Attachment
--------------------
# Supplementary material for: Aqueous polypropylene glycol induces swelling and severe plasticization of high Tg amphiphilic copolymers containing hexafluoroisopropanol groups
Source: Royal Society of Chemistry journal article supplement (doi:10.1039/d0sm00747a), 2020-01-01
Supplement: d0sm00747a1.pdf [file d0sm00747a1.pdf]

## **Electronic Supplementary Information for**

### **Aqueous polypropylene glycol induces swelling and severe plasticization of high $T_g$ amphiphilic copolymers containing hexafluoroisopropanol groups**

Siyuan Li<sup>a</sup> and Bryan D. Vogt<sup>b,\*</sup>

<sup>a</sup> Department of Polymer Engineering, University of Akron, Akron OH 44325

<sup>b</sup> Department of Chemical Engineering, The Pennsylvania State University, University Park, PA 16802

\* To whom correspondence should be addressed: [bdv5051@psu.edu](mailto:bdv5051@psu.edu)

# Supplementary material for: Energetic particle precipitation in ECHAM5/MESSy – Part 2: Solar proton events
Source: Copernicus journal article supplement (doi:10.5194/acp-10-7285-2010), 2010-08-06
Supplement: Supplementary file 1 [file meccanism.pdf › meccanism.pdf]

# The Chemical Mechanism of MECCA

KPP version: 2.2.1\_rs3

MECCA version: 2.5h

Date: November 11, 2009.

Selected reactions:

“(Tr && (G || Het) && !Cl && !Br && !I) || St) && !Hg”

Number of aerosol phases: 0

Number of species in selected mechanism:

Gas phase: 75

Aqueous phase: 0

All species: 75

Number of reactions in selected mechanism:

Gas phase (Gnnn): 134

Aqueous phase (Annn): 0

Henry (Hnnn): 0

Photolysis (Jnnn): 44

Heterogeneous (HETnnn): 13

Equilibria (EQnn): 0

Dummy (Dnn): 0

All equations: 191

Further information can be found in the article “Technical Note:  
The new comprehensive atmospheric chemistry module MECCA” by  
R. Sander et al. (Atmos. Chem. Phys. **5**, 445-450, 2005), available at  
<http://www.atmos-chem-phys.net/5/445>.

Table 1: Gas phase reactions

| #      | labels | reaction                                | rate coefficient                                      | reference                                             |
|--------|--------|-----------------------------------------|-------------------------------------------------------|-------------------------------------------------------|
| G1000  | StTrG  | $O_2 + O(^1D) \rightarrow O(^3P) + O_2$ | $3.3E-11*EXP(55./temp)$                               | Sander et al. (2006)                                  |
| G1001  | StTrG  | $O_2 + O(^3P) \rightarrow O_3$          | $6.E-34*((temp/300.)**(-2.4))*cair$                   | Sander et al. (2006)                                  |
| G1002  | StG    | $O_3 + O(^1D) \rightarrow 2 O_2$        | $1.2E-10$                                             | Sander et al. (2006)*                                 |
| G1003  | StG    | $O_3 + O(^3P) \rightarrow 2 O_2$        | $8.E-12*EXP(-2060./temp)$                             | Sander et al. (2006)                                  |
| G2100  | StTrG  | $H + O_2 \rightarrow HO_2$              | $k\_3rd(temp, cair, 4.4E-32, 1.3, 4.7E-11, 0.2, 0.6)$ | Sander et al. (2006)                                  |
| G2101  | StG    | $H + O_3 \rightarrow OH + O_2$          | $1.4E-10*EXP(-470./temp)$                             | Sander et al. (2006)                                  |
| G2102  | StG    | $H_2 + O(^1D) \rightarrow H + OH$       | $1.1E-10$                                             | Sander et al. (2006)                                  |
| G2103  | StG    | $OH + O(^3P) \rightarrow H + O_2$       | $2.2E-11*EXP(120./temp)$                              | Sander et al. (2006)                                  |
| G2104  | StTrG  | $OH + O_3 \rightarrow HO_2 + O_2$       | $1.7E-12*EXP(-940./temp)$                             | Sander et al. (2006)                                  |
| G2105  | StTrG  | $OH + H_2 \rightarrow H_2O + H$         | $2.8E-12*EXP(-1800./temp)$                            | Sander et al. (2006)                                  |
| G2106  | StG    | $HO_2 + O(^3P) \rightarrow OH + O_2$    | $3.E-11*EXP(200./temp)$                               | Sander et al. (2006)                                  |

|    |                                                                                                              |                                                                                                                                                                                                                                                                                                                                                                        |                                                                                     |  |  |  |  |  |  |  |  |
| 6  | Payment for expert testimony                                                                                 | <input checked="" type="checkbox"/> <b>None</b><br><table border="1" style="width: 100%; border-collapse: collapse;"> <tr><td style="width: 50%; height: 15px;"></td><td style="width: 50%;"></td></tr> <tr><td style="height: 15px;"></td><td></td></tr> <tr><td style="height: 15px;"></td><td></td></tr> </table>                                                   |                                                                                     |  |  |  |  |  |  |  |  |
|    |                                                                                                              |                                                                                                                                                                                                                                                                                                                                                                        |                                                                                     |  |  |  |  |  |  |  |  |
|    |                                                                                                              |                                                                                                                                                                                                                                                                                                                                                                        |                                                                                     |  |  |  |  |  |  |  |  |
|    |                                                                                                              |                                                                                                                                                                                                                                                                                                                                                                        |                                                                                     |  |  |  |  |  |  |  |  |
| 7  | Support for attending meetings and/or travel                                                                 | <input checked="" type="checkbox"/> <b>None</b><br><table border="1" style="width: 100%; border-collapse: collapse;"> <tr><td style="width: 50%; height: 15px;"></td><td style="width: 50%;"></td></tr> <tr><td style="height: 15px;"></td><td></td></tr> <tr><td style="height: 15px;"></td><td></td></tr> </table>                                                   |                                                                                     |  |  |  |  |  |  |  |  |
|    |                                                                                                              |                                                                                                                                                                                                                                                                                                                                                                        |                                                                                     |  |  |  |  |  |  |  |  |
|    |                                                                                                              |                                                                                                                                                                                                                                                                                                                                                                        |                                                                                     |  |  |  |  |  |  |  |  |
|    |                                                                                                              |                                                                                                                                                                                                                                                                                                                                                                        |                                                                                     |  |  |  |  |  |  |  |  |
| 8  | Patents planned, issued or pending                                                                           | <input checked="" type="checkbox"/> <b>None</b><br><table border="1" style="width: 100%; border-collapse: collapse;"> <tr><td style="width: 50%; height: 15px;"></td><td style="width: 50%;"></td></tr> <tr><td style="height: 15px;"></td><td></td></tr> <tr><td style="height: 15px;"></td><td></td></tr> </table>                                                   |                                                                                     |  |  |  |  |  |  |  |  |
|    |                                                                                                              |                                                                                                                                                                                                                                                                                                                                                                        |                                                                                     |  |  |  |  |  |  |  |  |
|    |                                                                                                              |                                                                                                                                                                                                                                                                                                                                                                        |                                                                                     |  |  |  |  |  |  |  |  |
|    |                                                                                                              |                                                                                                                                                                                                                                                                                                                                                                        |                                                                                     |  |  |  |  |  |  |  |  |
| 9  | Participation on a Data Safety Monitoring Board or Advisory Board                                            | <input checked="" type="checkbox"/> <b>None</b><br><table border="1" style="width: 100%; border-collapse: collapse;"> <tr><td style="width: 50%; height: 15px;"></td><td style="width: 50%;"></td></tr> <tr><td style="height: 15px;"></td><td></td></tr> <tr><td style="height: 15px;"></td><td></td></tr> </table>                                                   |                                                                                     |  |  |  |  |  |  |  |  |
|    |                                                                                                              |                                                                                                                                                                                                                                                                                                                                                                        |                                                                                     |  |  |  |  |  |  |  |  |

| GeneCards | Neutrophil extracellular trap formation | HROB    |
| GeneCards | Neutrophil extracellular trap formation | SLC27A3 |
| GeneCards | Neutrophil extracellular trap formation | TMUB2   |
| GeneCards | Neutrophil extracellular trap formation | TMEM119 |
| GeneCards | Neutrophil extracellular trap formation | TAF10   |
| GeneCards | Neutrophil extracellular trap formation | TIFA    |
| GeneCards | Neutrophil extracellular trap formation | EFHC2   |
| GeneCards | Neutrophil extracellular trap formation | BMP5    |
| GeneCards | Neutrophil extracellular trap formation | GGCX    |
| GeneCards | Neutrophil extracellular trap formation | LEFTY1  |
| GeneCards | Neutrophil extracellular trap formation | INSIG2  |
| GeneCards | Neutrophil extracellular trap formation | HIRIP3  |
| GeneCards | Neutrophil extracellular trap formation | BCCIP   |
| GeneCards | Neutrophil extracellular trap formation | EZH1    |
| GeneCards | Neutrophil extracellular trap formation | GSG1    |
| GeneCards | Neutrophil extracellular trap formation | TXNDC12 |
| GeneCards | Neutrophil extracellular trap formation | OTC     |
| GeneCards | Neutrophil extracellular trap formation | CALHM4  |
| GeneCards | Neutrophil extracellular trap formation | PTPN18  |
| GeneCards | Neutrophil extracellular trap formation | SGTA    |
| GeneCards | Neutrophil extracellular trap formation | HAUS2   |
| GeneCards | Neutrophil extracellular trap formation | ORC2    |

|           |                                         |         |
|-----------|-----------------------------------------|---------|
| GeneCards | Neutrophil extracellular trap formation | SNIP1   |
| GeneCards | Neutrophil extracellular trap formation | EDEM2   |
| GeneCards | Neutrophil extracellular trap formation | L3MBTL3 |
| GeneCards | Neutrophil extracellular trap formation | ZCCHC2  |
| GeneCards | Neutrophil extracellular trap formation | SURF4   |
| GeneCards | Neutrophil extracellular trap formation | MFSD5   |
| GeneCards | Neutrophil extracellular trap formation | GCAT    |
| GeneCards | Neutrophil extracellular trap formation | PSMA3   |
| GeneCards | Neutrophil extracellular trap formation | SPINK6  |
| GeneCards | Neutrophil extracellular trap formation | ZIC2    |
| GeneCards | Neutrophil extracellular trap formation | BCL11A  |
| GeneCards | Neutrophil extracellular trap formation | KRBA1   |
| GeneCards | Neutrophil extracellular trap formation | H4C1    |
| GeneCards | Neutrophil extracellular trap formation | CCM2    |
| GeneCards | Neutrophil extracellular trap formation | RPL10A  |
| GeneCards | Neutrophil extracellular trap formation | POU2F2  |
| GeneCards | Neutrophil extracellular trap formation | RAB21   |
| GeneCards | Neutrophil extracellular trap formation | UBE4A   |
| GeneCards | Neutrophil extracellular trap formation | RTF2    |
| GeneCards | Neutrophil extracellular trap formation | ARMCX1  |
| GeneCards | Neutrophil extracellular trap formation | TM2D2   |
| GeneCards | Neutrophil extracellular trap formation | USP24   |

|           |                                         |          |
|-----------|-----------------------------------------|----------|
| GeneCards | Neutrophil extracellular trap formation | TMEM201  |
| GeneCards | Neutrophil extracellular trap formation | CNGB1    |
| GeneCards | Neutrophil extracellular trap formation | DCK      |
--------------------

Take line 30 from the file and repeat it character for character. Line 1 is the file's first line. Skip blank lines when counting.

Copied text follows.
Equilibria (EQnn): 0